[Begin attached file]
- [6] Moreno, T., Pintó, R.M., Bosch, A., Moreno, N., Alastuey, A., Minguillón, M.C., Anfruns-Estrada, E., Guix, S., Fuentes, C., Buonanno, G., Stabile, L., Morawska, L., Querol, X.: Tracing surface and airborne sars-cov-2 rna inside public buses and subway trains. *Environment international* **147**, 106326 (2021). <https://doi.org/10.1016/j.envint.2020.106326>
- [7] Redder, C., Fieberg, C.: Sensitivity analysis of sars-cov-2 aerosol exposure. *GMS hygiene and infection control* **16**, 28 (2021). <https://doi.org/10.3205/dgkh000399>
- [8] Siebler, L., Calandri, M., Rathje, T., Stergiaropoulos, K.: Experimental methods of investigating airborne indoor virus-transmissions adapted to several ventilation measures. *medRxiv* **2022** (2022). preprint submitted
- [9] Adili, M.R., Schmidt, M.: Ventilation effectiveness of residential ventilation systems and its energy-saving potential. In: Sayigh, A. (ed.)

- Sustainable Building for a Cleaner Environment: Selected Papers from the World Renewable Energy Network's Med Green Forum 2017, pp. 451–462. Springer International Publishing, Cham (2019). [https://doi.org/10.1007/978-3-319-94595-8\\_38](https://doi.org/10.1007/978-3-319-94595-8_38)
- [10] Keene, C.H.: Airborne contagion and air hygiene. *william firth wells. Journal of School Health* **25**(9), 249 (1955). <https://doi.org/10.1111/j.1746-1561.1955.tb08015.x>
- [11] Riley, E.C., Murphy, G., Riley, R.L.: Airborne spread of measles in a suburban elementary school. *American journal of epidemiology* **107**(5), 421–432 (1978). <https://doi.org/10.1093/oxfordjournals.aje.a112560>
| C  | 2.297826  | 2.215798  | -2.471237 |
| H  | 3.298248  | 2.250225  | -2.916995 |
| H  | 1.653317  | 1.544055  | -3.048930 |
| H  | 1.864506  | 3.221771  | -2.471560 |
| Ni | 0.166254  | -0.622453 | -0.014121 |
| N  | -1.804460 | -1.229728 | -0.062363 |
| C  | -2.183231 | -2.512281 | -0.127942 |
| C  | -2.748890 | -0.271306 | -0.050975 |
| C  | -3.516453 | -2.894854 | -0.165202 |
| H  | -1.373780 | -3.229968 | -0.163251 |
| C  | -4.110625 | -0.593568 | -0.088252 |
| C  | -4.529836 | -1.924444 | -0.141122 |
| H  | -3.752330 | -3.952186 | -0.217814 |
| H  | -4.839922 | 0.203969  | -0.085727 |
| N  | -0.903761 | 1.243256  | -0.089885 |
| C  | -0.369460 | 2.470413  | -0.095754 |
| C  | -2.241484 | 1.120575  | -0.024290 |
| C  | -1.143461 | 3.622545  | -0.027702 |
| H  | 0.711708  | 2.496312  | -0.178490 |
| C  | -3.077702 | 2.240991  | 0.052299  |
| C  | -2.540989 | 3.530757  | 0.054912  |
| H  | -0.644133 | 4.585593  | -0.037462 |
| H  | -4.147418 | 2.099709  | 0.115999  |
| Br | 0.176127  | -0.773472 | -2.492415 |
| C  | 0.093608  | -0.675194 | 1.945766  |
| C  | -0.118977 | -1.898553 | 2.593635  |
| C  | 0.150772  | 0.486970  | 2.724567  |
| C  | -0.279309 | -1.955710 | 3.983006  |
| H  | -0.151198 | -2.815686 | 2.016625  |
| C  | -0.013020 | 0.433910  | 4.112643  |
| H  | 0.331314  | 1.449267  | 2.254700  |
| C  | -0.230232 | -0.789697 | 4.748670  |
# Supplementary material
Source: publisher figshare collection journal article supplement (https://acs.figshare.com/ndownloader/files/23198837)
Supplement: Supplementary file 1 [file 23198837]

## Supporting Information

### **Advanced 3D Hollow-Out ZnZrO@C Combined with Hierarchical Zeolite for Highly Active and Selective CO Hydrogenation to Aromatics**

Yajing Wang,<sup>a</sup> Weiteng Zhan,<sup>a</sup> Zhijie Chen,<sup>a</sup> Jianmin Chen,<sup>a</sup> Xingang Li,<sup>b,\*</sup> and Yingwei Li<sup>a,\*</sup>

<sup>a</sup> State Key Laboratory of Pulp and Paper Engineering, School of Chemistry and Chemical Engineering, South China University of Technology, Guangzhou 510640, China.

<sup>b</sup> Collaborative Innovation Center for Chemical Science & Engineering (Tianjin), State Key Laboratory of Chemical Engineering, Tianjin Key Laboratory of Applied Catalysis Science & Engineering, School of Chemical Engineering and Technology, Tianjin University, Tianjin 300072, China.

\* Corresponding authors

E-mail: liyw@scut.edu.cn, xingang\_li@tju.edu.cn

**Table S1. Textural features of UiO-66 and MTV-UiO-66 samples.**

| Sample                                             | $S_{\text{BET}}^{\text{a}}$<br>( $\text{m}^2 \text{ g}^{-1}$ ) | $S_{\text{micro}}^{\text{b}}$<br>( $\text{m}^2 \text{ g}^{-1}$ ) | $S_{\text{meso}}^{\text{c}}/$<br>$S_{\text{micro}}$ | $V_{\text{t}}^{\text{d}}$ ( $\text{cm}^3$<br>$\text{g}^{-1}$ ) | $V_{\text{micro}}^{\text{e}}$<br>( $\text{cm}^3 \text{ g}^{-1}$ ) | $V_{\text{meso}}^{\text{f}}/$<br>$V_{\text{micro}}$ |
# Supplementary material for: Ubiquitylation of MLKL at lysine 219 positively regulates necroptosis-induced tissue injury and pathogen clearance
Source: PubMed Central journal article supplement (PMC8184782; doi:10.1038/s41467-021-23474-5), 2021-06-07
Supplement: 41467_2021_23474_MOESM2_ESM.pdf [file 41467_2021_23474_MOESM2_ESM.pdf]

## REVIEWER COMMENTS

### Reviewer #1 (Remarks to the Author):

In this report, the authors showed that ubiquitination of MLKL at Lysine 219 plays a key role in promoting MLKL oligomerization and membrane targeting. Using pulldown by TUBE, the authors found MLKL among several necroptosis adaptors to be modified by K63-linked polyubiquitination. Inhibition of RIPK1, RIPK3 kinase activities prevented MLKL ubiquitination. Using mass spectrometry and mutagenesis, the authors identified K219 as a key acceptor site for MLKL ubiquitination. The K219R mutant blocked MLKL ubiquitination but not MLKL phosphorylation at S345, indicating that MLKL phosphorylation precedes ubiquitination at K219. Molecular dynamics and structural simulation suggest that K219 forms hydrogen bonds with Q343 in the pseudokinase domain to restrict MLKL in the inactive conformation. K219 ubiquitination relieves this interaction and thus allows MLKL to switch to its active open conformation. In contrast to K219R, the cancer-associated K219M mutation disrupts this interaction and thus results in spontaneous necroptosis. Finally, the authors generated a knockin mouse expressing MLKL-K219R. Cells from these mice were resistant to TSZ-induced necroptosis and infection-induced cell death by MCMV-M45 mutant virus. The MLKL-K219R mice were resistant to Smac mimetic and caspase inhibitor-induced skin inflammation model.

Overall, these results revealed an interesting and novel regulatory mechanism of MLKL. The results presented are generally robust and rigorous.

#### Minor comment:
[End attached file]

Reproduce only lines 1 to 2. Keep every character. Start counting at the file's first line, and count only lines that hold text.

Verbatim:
- [6] Moreno, T., Pintó, R.M., Bosch, A., Moreno, N., Alastuey, A., Minguillón, M.C., Anfruns-Estrada, E., Guix, S., Fuentes, C., Buonanno, G., Stabile, L., Morawska, L., Querol, X.: Tracing surface and airborne sars-cov-2 rna inside public buses and subway trains. *Environment international* **147**, 106326 (2021). <https://doi.org/10.1016/j.envint.2020.106326>
- [7] Redder, C., Fieberg, C.: Sensitivity analysis of sars-cov-2 aerosol exposure. *GMS hygiene and infection control* **16**, 28 (2021). <https://doi.org/10.3205/dgkh000399>